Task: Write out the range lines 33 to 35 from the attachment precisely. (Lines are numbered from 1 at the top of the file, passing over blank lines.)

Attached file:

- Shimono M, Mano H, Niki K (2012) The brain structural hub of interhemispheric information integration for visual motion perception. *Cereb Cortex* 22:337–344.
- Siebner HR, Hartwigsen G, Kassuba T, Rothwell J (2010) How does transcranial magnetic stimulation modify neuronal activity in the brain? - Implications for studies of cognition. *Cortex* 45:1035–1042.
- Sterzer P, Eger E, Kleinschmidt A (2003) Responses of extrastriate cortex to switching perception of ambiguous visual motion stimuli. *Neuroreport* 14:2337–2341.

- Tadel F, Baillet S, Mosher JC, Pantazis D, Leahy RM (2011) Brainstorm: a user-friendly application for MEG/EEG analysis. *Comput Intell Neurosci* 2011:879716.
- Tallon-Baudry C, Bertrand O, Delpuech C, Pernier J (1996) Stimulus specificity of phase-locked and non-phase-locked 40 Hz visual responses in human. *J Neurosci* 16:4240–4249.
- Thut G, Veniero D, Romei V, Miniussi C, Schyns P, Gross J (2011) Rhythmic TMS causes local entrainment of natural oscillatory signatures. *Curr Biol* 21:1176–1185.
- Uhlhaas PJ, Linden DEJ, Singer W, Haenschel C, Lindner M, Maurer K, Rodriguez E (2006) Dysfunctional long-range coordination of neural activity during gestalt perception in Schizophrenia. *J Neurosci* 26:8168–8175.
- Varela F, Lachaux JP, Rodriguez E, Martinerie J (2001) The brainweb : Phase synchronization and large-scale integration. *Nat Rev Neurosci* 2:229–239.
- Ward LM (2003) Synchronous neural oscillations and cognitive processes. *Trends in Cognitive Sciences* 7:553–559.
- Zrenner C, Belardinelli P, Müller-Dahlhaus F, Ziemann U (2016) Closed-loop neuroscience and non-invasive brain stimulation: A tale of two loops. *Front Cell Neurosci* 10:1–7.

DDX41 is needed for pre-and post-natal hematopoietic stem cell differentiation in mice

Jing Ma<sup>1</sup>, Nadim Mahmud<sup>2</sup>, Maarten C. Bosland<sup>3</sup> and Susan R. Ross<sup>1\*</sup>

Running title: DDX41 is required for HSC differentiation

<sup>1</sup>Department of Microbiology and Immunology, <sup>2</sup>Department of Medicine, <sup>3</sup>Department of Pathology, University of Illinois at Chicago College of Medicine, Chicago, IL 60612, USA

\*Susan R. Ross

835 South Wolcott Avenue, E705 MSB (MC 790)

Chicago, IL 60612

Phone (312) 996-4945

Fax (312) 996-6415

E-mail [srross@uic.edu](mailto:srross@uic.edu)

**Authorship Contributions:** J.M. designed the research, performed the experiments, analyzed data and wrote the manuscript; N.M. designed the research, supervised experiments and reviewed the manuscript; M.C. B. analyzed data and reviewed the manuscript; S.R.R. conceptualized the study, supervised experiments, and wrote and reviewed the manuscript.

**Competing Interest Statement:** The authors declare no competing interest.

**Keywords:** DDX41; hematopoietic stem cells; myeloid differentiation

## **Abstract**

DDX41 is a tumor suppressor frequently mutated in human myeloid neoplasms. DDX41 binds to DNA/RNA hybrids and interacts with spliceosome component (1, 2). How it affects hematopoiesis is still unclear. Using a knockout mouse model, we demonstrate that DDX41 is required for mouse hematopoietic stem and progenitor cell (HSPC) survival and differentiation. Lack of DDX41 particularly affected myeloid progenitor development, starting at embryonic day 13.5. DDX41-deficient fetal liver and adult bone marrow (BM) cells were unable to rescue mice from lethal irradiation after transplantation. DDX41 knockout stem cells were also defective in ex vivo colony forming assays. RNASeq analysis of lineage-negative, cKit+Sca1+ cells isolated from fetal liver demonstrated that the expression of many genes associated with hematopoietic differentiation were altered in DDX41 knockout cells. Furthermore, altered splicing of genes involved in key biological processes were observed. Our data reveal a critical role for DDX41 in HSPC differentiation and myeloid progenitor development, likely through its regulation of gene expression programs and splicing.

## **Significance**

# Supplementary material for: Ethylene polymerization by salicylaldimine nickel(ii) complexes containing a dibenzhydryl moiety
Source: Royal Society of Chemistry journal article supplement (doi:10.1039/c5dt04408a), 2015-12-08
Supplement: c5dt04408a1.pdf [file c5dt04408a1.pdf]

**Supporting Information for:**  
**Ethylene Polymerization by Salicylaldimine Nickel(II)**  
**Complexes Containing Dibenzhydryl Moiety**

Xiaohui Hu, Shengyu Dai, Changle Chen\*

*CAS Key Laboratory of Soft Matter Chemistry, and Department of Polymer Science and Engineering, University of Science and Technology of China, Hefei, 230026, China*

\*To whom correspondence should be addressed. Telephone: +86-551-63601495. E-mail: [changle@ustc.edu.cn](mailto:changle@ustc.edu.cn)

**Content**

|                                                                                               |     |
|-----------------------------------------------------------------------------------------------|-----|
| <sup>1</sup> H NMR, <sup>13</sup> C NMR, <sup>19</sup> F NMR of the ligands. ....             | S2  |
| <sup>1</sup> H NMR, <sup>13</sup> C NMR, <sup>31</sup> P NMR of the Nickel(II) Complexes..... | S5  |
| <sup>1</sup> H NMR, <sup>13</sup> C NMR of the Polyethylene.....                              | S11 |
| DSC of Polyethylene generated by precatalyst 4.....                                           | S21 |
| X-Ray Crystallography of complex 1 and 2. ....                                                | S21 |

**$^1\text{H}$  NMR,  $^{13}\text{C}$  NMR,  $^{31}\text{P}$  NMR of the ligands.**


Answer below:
Xiaohui Hu, Shengyu Dai, Changle Chen\*

*CAS Key Laboratory of Soft Matter Chemistry, and Department of Polymer Science and Engineering, University of Science and Technology of China, Hefei, 230026, China*

\*To whom correspondence should be addressed. Telephone: +86-551-63601495. E-mail: [changle@ustc.edu.cn](mailto:changle@ustc.edu.cn)